Reforming ODA – counting the private sector

The DAC aims to promote greater private sector engagement in development by allowing ODA to be channelled through a wide range of “private sector instruments” (PSI). This means aid to invest in or give loans to private companies, or to underwrite their activities through guarantees. These proposals are arguably the biggest change to ODA rules for several decades. While civil society do support the notion that the private sector should play a strengthened role in sustainable development, and that certain ODA reforms could support this, we also believe that the current DAC proposals are flawed and risk eroding the value of ODA as a key international public resource for tackling poverty and vulnerability. For this reason, we strongly believe that the discussion taking place on 9 March should discourage taking a premature decision and reconsider the timeline to allow for consultations with southern partners including governments, CSOs and the private sector. A more considered timeline would allow for important consultation with and input from key development partners to ensure that the new measure has the appropriate incentives, safeguards and commitment to effective, sustainable development.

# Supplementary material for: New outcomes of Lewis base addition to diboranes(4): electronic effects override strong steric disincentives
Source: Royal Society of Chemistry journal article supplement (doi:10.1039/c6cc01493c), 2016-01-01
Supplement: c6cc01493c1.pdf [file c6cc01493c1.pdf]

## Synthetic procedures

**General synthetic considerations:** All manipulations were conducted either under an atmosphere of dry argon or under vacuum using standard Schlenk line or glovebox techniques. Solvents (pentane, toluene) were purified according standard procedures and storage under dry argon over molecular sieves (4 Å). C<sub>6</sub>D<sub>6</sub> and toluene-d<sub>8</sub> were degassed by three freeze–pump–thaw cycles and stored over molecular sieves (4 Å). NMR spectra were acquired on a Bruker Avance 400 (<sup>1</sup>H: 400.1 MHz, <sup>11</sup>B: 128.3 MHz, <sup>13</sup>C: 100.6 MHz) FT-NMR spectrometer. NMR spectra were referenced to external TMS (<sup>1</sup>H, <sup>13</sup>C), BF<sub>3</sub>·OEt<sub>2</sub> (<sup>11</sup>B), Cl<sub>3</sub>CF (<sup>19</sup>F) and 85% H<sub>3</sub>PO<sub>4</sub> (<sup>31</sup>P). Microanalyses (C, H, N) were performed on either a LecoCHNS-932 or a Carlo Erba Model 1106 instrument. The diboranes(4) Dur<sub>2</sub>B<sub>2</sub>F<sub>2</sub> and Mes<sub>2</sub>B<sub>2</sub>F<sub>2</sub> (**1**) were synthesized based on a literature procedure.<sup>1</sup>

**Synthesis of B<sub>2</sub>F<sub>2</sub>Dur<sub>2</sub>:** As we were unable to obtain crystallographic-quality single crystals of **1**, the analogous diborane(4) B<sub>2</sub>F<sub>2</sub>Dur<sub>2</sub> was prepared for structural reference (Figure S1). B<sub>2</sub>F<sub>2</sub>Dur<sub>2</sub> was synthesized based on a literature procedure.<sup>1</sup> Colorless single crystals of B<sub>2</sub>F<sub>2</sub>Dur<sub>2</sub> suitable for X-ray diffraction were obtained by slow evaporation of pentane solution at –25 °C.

Below is a summary of civil societies specific concerns and recommendations for DAC members.  More detail can be found in the joint civil society paper here.

  1. The timeline for the PSI reform should be significantly extended to allow for consultation with stakeholders, and for a careful estimation of its potential impacts. Without more time, evidence and public and partner country scrutiny, the potential for mistakes and unintended consequences is significant.
  2. We are concerned about the potential for dilution of the development focus of aid and the creation of a ‘blurred line’ between commercial and development motivations on the part of the donor. Development and financial additionality should be integral components of all ODA-supported PSI: the current DAC proposals for measuring both types of additionality are not yet satisfactory.
  3. It is centrally important that a process to end tied aid – both in policy and in practice – should be conducted in parallel to the PSI reform to prevent any weakening of the development focus of ODA. Tied aid inflates costs, reduces impact, and dilutes ODA’s focus on development, yet could be further incentivised through the current PSI proposals unless safeguards are put in place. The OECD DAC will also need to significantly improve the monitoring of tied aid.
  4. The PSI reform must establish strong safeguards to ensure aid channeled through PSI complies with development effectiveness standards. Stronger requirements for transparency and accountability are needed, including specific guidelines for reporting data to the DAC Creditor Reporting System (CRS).

Read the full paper here.